Failed Education Fads Should be Buried, not Resurrected

Commentary, Education, Michael Zwaagstra

The 1970s was a memorable decade. Judging by yearbook pictures from that era, it seems like everyone wore polyester, bell bottoms, platform shoes, and long hair. And while it may be a fun way to dress up at Halloween costume parties, virtually everyone recognizes that fashions from the past belong in the past.

And while poor fashion choices from the ‘70s have been mercifully retired, the same cannot be said of failed education fads. In fact, open area classrooms, one of the worst education fads from that era, are making a comeback in schools across North America.

The theory behind open area classrooms is relatively simple—schools should have as few walls as possible in order to facilitate collaboration among teachers and students. By making school designs open, students are exposed to learning all around them. The buzz of learning would permeate throughout the school as students eagerly construct new knowledge and work together to build a collaborative professional learning community.

However, things didn’t quite work out that way in real life. Open area classrooms proved to be an unmitigated disaster. They were too noisy and distracting. Teachers and students alike found it impossible to function effectively in an environment that prevented them from getting some peace and quiet. By the 1980s, most open area schools were retrofitted with classroom walls and the failed experiment seemed to come to an end.

It seems that in the field of education, however, fads never actually die out. Rather, they disappear for awhile and reappear later under new names. When they do, school administrators jump on the “new” idea and seek to impose it on as many schools as possible. As more schools adopt the latest fad, it gains the appearance of inevitability. Eventually, after it acquires near-total dominance, the fad comes crashing down when everyone finally realizes it doesn’t work. It then lies low or dormant until it is once again re-invented and foisted on an unsuspecting new generation of students and teachers.

The reappearance of open area classrooms under the new label of open concept schools is the newest example. Fielding Nair International, an architecture firm that specializes in this approach, has designed more than 400 schools around the world, along with approximately a dozen in Western Canada. About half of those schools are located in Regina, where the public school board appears to have put all its eggs in the open concept basket.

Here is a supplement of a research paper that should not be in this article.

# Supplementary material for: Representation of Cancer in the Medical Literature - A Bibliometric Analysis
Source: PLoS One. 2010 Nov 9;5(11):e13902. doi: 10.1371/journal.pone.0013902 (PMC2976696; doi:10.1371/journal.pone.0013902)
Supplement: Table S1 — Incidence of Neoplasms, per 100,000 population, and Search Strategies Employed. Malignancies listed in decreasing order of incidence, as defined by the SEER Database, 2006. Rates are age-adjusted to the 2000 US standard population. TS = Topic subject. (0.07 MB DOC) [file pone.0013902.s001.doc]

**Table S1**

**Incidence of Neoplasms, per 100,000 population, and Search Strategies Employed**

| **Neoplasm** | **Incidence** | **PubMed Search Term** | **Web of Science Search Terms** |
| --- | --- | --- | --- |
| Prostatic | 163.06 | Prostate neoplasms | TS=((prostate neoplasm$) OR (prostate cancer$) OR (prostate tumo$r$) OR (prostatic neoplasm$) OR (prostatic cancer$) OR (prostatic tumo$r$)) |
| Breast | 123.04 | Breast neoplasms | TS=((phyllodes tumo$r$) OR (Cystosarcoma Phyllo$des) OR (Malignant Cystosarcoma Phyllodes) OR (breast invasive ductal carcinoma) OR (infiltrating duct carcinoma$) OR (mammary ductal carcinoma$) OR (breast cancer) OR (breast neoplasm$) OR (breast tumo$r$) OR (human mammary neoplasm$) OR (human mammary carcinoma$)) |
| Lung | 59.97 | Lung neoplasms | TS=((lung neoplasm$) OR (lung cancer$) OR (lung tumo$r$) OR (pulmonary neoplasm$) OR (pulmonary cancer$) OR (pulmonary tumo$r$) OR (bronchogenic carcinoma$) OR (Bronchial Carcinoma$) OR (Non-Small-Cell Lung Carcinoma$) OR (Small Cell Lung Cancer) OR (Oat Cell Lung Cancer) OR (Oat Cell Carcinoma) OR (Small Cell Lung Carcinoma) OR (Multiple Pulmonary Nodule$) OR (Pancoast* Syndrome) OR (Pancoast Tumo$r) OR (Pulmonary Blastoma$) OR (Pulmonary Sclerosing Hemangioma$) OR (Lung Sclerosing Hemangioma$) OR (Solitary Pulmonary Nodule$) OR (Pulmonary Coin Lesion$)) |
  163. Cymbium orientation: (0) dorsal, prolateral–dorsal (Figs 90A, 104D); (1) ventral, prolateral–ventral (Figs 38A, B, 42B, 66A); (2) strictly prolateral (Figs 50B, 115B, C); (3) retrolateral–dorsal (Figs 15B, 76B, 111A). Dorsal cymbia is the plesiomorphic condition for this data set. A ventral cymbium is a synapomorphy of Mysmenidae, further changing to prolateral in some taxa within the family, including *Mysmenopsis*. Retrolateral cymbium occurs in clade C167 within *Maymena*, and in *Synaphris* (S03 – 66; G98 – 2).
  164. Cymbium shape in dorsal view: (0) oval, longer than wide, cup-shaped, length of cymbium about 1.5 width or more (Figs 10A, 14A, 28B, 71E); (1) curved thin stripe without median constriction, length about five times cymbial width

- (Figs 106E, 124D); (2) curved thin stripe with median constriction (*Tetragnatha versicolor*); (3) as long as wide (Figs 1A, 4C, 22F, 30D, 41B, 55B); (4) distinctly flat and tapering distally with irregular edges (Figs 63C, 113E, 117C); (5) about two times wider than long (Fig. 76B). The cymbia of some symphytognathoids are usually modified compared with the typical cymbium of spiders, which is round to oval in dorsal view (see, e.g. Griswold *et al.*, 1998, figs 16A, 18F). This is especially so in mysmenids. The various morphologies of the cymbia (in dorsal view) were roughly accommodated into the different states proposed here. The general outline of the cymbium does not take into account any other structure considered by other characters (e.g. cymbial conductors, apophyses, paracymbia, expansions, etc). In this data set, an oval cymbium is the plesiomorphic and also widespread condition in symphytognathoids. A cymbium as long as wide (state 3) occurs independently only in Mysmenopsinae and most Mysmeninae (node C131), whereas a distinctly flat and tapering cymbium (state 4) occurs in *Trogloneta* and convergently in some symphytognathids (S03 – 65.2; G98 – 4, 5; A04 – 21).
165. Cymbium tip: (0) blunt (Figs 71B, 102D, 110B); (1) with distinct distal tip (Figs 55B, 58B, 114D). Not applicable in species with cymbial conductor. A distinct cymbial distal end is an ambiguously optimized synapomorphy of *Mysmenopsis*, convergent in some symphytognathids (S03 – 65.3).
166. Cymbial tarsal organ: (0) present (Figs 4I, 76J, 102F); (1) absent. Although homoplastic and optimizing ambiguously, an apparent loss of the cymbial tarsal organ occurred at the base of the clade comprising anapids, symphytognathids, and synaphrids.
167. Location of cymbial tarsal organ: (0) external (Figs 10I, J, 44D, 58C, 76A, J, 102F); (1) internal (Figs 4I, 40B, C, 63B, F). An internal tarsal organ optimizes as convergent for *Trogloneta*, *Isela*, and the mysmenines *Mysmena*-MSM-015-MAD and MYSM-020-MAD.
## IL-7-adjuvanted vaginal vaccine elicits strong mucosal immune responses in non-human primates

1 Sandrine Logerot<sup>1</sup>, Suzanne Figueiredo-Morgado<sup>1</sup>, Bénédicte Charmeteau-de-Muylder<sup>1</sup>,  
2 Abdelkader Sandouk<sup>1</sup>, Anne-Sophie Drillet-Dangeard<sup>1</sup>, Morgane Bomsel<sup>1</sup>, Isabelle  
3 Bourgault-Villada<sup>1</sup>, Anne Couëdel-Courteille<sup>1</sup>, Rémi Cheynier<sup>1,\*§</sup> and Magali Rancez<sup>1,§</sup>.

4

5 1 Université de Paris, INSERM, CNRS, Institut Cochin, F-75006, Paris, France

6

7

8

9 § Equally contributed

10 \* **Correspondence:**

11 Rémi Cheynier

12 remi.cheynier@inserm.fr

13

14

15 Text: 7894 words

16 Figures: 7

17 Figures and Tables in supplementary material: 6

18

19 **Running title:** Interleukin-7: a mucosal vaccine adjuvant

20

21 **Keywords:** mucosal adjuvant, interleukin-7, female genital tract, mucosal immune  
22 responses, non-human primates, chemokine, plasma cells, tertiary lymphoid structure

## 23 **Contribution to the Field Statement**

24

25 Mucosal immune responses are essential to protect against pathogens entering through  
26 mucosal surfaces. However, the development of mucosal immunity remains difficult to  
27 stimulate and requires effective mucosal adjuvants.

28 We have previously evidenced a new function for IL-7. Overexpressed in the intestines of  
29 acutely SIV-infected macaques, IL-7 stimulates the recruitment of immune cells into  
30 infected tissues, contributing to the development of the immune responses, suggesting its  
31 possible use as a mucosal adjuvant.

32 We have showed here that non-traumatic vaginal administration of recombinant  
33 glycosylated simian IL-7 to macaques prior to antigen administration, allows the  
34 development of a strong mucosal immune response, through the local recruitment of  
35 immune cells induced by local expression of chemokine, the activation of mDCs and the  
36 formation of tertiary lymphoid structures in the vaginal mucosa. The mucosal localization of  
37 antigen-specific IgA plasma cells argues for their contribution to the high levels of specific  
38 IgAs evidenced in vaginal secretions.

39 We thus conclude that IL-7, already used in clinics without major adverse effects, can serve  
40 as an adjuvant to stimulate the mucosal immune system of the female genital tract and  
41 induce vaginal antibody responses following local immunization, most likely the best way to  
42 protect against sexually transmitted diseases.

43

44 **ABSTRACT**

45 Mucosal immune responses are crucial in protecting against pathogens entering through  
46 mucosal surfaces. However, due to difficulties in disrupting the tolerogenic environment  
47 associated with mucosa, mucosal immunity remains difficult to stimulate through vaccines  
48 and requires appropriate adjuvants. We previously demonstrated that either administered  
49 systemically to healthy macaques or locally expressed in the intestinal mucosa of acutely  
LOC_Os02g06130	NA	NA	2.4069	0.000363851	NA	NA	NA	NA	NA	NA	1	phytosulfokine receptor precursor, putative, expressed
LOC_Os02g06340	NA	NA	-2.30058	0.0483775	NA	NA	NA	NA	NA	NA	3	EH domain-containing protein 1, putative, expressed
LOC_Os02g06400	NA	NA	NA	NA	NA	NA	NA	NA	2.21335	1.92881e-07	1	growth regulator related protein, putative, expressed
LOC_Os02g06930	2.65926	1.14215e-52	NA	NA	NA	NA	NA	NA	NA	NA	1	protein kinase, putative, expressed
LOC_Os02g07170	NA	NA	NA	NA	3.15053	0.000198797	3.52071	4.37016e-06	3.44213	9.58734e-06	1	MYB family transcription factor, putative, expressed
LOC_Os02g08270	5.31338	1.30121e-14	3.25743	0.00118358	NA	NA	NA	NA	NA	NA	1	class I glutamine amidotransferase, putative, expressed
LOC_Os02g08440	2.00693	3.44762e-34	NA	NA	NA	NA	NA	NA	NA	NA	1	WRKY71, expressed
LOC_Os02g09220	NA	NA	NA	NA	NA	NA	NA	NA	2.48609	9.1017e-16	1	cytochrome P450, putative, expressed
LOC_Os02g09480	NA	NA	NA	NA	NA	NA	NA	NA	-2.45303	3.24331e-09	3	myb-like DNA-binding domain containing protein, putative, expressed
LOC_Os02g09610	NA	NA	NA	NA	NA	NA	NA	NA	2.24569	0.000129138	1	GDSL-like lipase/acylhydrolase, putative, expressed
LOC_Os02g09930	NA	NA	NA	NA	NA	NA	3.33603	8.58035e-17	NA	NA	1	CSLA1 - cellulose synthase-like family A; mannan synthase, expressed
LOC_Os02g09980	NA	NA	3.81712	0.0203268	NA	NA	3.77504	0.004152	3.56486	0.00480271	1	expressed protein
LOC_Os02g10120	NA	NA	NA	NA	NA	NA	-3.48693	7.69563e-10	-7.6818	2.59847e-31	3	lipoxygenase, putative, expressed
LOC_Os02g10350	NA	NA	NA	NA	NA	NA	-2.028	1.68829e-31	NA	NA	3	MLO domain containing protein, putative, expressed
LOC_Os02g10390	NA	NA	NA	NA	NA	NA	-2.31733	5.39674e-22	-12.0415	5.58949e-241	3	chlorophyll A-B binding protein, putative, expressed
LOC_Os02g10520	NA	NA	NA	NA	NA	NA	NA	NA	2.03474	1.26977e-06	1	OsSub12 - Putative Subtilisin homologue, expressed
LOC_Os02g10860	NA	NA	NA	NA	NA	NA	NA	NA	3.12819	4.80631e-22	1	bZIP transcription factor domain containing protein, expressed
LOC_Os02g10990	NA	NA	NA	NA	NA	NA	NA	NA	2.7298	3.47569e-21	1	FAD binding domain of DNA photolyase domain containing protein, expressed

Earlier this month, Douglas Park Elementary School opened with great fanfare in suburban Regina. As proof of its fidelity to an open concept layout, this school has huge open spaces, lots of windows, and movable walls. During the opening ceremonies, the school’s principal praised the random abstract layout of the building as “innovative.” Director of education Julie MacRae dutifully added that the new school was not merely a building, but rather a “community of learners.” If only the guests had thought to bring their bell bottoms and platform shoes, the trip back to the ‘70s would have been complete.

It’s remarkable that any school board would invest so heavily in an approach that lacks supporting evidence. When Prakash Nair, one of the lead architects with Fielding Nair International, makes grandiose claims about classrooms being obsolete in the 21st century, many educators rightly view his work with skepticism.

Nair’s design has ideological motivations. As he himself acknowledges in his writings, his advocacy of open concept schools is closely linked to his belief in the constructivist approach to teaching.

Constructivism holds that, instead of passing on a defined body of knowledge, teachers should help students construct their own understanding of the world around them. Open concept schools go hand-in-hand with this approach. Interestingly, whole language and the “new math” are examples of two other failed fads that also stem from constructivism. Considering its dismal track record, there are good reasons to be skeptical of any approach based on constructivism.

To cap it all off, there is no empirical research establishing that open concept schools lead to improved student achievement. However, there is a lot of evidence that students and teachers alike find it difficult to function when their learning environment is noisy and filled with distractions.

Far from being on the cutting edge of innovation, open concept schools merely recycle a failed fad from the past. School boards should leave this concept in the ‘70s, where it truly belongs.